When I saw the raw aftermath footage of a woman giving birth at a bus stop on Market Street the other week, I was struck by a number of things.
First, I felt very uncomfortable that I was watching the video without the mother’s permission. Here she was, going through this surprising yet very private event, and several bystanders felt it was appropriate to video tape her. The person who was taking the video, who would later sell it to KRON news, was making nasty and disturbing comments, calling the mother names, doing nothing to assist and treating her and her baby as sideshow freaks. One woman helped her to her seat, while others didn’t notice as they passed by or stood around gawking at the baby on the ground.
After what seemed like an eternity, a man, who we later learned was named Esau Marquez, rode by, jumped off his bike and wrapped the baby up in his sweatshirt.
Second, I was struck by the coverage on this event which used words like “disturbing,” “graphic,” “bloody” and “shocking,” and much attention was given to the man who wrapped up the baby. Marquez was hailed a hero, and perhaps he was, but not for the reasons stated in the media. I looked at other street births, and of course they have happened everywhere: in a Philadelphia train subway, where passengers cheered; on the sidewalk in Guagzhou, China, where neighbors helped with the delivery; on a New York crosswalk, where a news crew pulled over and passersby wrapped the well-heeled mother and baby up in scarves.
All of these stories were cheerful and took on a bit of a folksy bent because, as one newscaster said, sometimes the stork doesn’t wait for the bus. The tenor of that coverage was markedly different for San Francisco’s street birth, where the mother was poor, black and clearly traumatized.
Giving birth is a milestone moment in a woman’s life. It is painful, powerful and beautiful all mixed together. It can take what feels like an eternity or happen surprisingly fast. But the beauty of this moment was lost in the framework of the socioeconomic status of the woman giving birth. The tragedy was not that she gave birth outside the hospital, it was how she was treated — not just at this pinnacle moment in her life, but that she has been cast aside and thought of as a member of a permanent underclass somehow markedly different from the rest of society. Women who are homeless have it crazy rough — there is extraordinarily high levels of rape, abuse and victimization of homeless women, especially women suffering from mental illnesses. These episodes of trauma for women predate homelessness, and then elevate during homelessness. They are layered upon ongoing traumatic conditions, such as struggling to meet basic survival needs and living with ongoing dangers and threats. Women are powerful survivors, and homeless women shoulder an unfair burden of pain and struggle. This is, of course, a man-made tragedy born from bad policy decision and governmental neglect.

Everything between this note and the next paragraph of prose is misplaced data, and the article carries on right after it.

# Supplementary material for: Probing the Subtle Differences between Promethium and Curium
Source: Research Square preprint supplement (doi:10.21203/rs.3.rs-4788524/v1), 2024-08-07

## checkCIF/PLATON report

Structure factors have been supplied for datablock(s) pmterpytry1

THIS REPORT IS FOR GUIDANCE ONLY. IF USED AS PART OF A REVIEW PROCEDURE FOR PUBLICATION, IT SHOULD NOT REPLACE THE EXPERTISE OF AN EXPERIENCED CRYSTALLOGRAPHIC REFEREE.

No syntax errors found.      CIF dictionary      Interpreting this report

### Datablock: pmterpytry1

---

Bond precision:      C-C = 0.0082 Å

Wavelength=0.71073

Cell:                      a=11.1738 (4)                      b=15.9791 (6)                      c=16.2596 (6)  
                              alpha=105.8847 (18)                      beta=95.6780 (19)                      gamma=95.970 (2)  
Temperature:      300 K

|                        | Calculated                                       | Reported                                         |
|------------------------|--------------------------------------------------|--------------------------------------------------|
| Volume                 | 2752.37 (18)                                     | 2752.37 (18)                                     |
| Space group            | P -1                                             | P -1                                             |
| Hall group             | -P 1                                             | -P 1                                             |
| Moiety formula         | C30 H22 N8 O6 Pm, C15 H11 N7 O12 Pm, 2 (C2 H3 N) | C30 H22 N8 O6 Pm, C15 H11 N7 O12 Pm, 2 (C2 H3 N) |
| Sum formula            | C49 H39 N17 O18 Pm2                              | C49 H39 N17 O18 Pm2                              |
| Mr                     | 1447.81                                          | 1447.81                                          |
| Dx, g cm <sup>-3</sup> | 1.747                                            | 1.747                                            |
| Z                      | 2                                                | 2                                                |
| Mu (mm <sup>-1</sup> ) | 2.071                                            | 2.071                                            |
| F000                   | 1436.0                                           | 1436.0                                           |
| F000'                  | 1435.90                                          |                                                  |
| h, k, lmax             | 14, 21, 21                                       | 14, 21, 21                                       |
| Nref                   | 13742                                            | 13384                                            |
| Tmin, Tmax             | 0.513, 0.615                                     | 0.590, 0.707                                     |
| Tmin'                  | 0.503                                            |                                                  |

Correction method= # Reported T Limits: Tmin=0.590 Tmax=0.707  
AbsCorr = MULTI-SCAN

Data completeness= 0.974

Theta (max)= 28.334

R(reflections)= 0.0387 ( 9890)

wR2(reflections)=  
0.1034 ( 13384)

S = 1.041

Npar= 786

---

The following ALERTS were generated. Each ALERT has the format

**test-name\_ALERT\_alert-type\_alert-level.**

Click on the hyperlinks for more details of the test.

The media made big noise about what Marquez did. The stark disparity in the press narratives on street births suggest that, because the mother was destitute, the baby was untouchable, and that is why it was so heroic of Marquez to pick the baby up. In the other stories of mothers giving birth, plenty of people helped, and it was taken for granted and merely noted.
The Chronicle’s piece by Chuck Nevius laid it out plainly, writing that society is expected to avert their eyes when walking in impoverished areas like 6th Street.
In his interview, Marquez denied being a hero and stated he did what anyone would do. He spoke with perfect eloquence, explaining, “I did not stop to think whether this is a homeless or rich person. I believe that a human life is very precious. We should be able to help one another and reach out to each other in spite of, regardless of status or who we are. I just did it because there was a human being in need.”
That is exactly the kind of straight talk that does make him an everyday hero. Now it’s time for The City to follow Marquez’s example — pick our babies up and make sure they have the opportunity to live.
Jennifer Friedenbach is executive director of the Coalition on Homelessness.